What makes a supervisor great?
Monday, March 20, 2017
Think back over all of the supervisors, bosses and managers for whom you've ever worked. Pick out the ones who were truly exceptional. What characteristics did they have in common? Of all the things that might be named, chances are that you’d find that the best managers consistently performed these two functions effectively:
- setting clear expectations with staff members
- coaching employees to help them master skills
Let's consider how these two managerial functions are applied to develop staff members, and how the combination of the two can create a highly engaged and productive team.
Setting clear expectations
Effective managers and supervisors don't make their employees guess what is expected or learn through a series of trials and errors. Instead, they make it a point to be clear with what is expected. This process is consistently applied with employees, with the manager personally explaining the following details about what is expected:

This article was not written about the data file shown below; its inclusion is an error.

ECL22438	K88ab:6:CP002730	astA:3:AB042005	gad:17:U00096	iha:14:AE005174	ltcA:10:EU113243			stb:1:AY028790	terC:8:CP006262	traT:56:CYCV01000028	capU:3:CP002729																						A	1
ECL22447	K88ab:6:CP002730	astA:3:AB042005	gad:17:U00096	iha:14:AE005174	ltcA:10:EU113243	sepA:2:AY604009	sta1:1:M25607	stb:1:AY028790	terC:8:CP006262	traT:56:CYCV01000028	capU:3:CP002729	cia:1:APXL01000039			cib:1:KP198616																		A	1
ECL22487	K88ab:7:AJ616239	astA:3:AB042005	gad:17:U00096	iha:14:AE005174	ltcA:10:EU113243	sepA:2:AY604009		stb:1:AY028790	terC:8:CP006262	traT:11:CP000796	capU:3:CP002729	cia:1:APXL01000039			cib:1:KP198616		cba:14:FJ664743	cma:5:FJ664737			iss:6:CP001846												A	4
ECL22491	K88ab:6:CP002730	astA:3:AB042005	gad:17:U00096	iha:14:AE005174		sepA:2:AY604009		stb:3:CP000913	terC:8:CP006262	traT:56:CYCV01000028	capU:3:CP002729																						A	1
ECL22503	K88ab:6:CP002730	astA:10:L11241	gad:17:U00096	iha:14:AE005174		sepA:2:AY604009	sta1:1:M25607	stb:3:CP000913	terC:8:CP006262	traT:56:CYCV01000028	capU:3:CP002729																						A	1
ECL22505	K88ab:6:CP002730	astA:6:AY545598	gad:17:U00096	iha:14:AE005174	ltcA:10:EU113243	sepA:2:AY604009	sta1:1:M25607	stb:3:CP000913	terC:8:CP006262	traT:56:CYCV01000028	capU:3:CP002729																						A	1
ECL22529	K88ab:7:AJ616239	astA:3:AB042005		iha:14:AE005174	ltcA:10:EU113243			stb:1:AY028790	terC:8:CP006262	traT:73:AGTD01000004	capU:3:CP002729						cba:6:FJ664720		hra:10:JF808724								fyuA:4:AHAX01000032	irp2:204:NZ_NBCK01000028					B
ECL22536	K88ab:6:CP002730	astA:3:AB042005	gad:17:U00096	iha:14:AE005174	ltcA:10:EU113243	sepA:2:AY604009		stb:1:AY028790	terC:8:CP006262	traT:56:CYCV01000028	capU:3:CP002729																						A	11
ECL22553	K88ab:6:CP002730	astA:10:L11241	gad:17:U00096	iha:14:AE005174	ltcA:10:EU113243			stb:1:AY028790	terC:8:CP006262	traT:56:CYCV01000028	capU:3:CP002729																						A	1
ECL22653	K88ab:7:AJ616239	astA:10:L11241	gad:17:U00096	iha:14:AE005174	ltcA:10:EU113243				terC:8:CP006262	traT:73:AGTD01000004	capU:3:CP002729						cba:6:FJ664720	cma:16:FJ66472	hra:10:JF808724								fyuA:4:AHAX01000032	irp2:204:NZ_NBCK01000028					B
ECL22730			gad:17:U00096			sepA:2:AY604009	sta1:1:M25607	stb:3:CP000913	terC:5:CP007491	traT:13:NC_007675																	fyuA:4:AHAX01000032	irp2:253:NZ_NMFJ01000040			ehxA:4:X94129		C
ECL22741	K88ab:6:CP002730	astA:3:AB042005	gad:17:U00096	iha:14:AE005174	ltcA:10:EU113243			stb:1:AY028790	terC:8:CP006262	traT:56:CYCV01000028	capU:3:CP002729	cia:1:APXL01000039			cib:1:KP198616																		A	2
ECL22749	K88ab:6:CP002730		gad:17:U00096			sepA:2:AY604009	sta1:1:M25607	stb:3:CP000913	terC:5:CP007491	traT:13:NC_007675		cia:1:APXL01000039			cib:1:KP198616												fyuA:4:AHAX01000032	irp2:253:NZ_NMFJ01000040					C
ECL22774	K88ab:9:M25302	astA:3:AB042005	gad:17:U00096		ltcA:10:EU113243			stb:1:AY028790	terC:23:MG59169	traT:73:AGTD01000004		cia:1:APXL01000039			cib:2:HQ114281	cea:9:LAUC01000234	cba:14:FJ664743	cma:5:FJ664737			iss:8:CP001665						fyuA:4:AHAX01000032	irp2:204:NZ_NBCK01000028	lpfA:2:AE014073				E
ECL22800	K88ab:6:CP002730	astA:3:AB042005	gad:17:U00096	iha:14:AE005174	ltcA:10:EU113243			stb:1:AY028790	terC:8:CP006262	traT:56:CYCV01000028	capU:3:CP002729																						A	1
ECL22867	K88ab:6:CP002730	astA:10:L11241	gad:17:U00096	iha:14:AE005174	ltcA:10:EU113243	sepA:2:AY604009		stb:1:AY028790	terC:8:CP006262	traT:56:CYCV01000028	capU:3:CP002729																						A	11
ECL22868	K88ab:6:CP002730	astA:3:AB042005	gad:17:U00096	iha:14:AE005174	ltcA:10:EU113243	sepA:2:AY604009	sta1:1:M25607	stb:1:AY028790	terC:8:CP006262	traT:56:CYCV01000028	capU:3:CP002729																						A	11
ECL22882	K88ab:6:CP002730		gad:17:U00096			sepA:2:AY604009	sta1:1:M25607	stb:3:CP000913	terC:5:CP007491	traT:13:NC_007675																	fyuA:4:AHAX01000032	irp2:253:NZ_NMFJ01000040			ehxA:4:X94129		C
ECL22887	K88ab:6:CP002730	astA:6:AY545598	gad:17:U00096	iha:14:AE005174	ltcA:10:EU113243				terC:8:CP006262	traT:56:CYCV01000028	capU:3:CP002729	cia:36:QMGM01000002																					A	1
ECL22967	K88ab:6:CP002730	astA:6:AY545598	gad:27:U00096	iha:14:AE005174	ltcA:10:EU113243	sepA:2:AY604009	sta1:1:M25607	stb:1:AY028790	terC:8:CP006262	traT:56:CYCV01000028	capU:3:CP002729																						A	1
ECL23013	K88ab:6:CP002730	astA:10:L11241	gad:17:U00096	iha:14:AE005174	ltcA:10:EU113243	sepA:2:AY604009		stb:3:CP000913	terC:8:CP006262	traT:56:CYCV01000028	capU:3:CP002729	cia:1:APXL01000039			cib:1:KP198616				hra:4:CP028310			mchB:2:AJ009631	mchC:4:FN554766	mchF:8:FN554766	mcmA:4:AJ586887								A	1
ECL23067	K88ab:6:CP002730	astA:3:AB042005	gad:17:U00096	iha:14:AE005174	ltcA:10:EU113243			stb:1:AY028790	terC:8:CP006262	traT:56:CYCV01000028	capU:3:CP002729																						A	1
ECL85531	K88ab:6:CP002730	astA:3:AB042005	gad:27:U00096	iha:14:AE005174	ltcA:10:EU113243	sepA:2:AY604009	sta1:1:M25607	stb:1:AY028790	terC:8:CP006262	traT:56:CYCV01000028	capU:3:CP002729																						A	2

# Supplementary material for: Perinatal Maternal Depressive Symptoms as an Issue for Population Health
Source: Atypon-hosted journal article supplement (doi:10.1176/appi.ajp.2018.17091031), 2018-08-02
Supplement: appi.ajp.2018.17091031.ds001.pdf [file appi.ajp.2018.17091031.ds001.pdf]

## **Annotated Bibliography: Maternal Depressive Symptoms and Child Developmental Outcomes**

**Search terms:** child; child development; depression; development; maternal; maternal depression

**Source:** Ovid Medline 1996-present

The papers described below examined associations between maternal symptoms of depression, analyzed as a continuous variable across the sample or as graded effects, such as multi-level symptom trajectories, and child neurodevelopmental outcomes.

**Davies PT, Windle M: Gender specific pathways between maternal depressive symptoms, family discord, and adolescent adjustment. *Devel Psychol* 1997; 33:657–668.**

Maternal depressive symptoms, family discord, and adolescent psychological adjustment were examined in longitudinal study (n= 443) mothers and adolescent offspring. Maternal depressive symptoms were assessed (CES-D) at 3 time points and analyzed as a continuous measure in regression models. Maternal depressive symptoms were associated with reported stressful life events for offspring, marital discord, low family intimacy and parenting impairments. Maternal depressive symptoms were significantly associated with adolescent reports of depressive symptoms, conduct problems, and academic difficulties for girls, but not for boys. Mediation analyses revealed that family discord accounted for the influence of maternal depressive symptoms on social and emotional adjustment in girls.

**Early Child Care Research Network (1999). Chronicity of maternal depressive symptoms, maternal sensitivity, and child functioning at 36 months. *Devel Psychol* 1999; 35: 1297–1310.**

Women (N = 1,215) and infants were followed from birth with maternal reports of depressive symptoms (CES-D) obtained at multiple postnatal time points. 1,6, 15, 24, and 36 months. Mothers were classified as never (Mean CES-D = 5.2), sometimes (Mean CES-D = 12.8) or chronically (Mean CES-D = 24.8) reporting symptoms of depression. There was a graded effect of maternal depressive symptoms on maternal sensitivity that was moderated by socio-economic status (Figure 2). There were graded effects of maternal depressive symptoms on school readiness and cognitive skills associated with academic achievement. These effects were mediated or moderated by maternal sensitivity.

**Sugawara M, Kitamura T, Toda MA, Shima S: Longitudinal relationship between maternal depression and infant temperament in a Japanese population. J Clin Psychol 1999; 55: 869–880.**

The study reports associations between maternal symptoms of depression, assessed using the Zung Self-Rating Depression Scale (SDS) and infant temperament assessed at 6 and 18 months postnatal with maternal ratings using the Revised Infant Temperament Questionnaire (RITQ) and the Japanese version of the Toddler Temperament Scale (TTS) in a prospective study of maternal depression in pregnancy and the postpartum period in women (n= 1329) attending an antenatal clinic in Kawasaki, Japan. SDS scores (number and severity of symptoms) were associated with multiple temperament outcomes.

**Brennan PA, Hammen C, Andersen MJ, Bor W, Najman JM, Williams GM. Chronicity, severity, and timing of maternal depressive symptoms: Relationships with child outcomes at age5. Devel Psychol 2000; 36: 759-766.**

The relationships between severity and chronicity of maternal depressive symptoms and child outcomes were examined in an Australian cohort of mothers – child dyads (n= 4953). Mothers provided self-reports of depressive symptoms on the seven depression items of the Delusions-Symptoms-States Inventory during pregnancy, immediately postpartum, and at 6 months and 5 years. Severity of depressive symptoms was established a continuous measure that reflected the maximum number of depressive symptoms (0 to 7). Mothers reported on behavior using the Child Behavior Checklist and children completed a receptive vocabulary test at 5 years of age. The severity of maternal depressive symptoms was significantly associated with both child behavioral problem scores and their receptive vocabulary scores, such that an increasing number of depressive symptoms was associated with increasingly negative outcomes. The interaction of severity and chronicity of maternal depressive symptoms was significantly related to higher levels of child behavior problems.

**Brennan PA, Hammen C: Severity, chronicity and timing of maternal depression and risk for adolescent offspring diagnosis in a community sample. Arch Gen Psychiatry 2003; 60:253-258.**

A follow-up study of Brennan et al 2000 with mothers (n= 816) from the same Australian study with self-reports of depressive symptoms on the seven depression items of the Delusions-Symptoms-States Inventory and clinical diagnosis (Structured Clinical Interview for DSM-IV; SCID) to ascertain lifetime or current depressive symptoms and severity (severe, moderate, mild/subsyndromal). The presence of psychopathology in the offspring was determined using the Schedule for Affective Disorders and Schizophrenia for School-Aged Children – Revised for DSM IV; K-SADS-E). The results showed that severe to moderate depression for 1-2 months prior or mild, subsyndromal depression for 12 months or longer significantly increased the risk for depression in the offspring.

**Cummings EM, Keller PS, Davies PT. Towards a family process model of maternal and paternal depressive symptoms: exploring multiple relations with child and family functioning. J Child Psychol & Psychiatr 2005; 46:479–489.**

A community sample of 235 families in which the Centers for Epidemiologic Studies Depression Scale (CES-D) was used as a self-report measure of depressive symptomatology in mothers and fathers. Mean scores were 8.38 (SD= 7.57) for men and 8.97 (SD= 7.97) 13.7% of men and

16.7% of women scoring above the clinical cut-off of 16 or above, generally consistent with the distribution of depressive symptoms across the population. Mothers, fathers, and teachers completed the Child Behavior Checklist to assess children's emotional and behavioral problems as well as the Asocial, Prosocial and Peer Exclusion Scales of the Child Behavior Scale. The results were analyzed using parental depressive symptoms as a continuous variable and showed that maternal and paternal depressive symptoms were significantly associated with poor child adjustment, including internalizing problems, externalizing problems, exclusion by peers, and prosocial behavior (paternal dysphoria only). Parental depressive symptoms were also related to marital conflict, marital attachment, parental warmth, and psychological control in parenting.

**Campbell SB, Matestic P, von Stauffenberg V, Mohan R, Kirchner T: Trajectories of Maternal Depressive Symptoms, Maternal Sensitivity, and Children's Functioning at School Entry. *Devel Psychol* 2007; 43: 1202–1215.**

- They set specific quality and quantity guidelines for the employee to deliver when performing each of the duties or assignments associated of his or her position.
- They explain why each well-performed duty and assignment is important to customers and the department, as well as how they fit into the overall mission of the organization.
- They identify the resources available to successfully complete assignments and perform duties.
- They establish clear timelines for what is due when it is due.
- They outline how and when progress will be measured.
When employees understand all of these aspects of the work they are to perform, they are confident that the standards will not arbitrarily change from day to day or mood to mood.
Effective managers understand that teaching is not coaching or correcting.
Teaching is the initial process of equipping someone to perform his/her duties and assignments when performing something new. Teaching always should include clear expectations, along with a verbal and physical demonstration of what correct performance looks like. Let the employee try it and verify he/she can perform it correctly. Teaching isn't complete until someone can correctly perform something multiple times.